CAROLYN'S COMPOSITIONS

March 15, 2012

My Tinge of Irish Heritage: The Googins Family

CAROLYN’S COMPOSITIONS

MY TINGE OF IRISH HERITAGE: THE GOOGINS FAMILY

     What do the names Bonython, Foxwell, Rogers, Welch, and Googins have in common? What Irish heritage is found in these Maine location names: Pepperrellborough, Saco, Biddeford, Old Orchard Beach, Kittery, Trenton, and Lamoine?

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     While sitting in my brother-in-law’s hospital room at the end of February I shared information from my files about my ancestor Patrick Googins, which I was reviewing to write a St. Patrick’s Day post. We discussed the United States region he emigrated to as a young man in the first quarter of the 1700s: Saco and Biddeford, Maine, then Pepperrellborough, Massachusetts (between 1762 and 1805). I read from my files that the Saco River emptied into the seacoast at Old Orchard Beach, Maine.

     Not long after that, Monte entered the room after taking a walk in the hospital corridor. He seemed excited, saying he had something to show me. On the wall in the corridor, among a number of paintings, was a picture of the Saco River flowing in New Hampshire, speeding to its destination, the Atlantic Ocean at Old Orchard Beach, Maine.

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     Today is the day the Chicago River turns green.

     It’s St. Patrick’s Day.

     My Irish ancestry is so washed out as to be nonexistent. However slight it is, I still claim it, especially on March 17th each year.

     It began about ten generations ago in lower Maine. Patrick Googins, a woolen weaver by trade, emigrated from Ireland and entered the service of William Pepperrell, a native of Kittery.

     Pepperrell studied surveying and navigation before joining his father (a shipbuilder and fishing boat owner) in business. Young William Pepperrell expanded their enterprise to become one of the most prosperous mercantile houses in New England with ships carrying lumber, fish and other products to the West Indies and Europe. The Pepperrells sunk their profits into land, and soon they controlled immense tracts.* Thus, Patrick must have abandoned his wool weaving training to enter the mercantile business.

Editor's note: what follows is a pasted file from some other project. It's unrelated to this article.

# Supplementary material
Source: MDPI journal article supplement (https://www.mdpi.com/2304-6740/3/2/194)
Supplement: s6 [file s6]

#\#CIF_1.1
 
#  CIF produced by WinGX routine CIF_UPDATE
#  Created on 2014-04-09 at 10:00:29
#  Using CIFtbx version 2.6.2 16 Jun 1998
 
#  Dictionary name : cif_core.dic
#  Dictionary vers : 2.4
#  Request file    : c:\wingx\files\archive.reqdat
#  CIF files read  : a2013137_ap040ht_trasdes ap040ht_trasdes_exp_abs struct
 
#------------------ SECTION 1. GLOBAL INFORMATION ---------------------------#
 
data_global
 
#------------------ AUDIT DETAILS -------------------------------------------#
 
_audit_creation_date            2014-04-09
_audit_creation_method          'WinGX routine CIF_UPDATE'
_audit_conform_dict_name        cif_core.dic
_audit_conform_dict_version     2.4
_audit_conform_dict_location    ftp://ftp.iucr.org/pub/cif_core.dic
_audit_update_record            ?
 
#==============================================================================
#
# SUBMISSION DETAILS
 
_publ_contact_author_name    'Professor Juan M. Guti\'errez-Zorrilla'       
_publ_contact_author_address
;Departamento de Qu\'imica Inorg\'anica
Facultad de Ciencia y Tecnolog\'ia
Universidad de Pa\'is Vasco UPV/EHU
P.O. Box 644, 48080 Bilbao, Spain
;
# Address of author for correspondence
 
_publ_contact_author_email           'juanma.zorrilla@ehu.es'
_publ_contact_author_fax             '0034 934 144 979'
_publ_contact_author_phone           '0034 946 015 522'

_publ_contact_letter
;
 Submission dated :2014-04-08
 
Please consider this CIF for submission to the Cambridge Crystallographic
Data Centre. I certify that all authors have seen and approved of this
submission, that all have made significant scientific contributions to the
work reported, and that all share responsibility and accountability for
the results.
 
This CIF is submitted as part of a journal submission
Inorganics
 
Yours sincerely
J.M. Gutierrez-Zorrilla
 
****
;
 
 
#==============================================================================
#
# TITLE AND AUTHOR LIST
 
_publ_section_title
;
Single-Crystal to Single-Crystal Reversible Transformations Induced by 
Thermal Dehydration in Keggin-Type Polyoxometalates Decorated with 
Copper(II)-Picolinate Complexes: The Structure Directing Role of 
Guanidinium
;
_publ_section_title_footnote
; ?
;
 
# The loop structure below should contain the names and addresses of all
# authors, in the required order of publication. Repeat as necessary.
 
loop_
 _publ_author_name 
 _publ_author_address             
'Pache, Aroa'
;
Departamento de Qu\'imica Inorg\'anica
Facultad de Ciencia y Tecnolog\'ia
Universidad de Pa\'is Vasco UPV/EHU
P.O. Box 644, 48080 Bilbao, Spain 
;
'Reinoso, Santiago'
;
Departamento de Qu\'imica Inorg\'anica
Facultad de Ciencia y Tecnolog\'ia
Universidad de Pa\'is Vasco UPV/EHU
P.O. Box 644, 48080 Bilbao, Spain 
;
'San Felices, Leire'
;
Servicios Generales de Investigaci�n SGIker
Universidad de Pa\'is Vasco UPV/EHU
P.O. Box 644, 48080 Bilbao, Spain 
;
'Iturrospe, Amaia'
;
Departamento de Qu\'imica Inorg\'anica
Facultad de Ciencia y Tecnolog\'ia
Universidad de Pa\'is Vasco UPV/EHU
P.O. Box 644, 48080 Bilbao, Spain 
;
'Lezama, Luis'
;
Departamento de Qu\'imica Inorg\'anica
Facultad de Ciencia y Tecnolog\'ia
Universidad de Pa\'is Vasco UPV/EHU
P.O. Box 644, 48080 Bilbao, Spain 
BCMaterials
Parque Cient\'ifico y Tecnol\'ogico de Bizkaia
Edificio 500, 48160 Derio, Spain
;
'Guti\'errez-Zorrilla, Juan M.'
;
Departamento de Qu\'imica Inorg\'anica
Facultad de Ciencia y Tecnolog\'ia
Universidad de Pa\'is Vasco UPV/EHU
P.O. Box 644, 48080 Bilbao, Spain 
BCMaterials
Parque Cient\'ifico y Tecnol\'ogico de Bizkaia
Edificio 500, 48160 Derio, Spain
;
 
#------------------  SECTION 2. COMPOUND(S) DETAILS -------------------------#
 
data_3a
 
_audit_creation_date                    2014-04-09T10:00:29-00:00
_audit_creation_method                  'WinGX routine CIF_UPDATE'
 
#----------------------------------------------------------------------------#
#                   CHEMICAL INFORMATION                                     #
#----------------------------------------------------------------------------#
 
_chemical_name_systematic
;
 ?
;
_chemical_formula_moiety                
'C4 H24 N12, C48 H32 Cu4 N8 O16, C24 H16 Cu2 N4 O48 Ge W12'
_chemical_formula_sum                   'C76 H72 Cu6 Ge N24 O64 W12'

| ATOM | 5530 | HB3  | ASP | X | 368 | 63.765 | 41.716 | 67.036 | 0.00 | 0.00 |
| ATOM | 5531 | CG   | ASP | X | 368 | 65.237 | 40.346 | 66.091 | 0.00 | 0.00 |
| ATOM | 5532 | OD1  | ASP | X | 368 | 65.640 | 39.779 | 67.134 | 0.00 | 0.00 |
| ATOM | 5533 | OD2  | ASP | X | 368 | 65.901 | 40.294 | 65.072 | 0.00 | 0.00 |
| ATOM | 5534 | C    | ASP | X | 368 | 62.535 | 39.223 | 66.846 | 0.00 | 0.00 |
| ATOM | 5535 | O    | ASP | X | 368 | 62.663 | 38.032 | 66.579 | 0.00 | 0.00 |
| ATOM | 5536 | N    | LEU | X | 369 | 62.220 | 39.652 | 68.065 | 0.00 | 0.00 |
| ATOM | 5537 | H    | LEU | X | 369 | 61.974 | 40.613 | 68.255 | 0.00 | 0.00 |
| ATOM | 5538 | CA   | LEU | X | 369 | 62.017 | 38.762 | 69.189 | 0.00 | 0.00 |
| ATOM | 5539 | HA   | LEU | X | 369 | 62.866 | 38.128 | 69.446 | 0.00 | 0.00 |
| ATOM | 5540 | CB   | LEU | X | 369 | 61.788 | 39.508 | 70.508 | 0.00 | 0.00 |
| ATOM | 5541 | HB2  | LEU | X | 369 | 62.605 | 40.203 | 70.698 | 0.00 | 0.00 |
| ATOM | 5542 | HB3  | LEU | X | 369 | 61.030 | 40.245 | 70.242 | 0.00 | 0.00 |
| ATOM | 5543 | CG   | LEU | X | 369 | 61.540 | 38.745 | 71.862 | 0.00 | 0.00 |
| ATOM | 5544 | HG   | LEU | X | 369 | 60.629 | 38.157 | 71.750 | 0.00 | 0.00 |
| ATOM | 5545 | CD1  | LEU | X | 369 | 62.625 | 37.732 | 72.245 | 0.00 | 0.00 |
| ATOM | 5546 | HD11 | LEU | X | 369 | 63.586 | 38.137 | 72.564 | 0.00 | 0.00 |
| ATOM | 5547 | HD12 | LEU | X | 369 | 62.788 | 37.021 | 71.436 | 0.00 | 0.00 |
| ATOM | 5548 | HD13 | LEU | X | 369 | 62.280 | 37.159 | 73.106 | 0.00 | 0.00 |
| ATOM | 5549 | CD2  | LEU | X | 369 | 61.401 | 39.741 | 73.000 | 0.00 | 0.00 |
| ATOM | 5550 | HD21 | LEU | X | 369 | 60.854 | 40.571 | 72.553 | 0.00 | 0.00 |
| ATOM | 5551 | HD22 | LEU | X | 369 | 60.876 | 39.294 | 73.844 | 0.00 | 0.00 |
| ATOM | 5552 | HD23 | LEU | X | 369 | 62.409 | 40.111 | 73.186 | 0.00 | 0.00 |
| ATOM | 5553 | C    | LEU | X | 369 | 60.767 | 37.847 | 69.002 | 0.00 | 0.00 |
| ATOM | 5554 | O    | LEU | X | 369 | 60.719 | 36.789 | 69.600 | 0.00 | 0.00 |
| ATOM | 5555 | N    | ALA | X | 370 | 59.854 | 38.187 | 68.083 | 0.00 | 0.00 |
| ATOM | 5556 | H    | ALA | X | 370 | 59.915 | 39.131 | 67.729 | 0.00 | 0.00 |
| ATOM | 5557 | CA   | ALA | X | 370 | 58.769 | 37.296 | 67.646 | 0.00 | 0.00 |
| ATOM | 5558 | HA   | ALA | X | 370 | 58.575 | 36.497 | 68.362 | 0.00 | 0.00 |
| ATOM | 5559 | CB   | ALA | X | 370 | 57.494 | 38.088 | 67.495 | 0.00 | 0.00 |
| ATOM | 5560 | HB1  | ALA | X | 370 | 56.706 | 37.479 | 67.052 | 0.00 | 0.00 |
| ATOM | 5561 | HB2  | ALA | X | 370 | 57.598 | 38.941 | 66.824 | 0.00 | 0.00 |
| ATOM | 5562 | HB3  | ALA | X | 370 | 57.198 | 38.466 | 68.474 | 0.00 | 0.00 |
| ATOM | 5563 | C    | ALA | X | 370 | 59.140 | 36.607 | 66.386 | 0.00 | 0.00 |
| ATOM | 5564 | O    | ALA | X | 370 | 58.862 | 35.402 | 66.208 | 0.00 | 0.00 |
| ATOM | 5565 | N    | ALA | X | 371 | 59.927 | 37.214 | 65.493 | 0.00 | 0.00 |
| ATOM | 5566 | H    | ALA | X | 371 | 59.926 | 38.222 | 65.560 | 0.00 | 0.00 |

Through the influence of William Pepperrell Patrick obtained (more…)

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August 7, 2010

Googins Island, Maine: An Osprey Sanctuary

CAROLYN’S COMPOSITIONS

GOOGINS ISLAND, MAINE: AN OSPREY SANCTUARY

     OPREY SANCTUARY.

PLEASE KEEP OFF

Sign on Googins Island, Maine

     The sign was on tiny Googins Island just fifty feet offshore in Wolfe Neck Park, Freeport, Maine. My husband Monte and I were there for two reasons. First, I was walking all the mainland beaches between Lamoine Beach, Maine and Wallis Sands Beach, Portsmouth, New Hampshire. And second, this island was named after the Googins family, one of my ancestral branches (see THE GOOGINS GENEALOGICAL LINE section at the end of this post).

I could walk on the sand, but not on Googins Island

     At low tide, the area separating Googins Island from the mainland was almost like quicksand. Perhaps we would sink if we stepped onto it, I thought, as I stepped gingerly on rocks, avoiding the wet sand.

     I was disappointed that we couldn’t walk around this tiny island. I also wondered: What is an osprey? Why does it need “sanctuary?”

     As usual, I surfed the Internet. I discovered that one of the biggest natural attractions at Wolf Neck State Park is the osprey nest on adjacent Googin’s Island, viewable from the mainland.** Not knowing what to look for, I didn’t spot the nest.

     The osprey became rare as nesting bird, especially in the northern and eastern parts of United States where unsuccessful reproduction believed result of chemical pollution of waters and fishes on which Osprey preys.*

     It is considered a raptor—a bird of prey—and is listed in the biological order Falconiformes. It hunts for its food with its extremely sharp claws, excellent eyes, and powerful wings.

     The osprey, almost eagle size, measures (more…)

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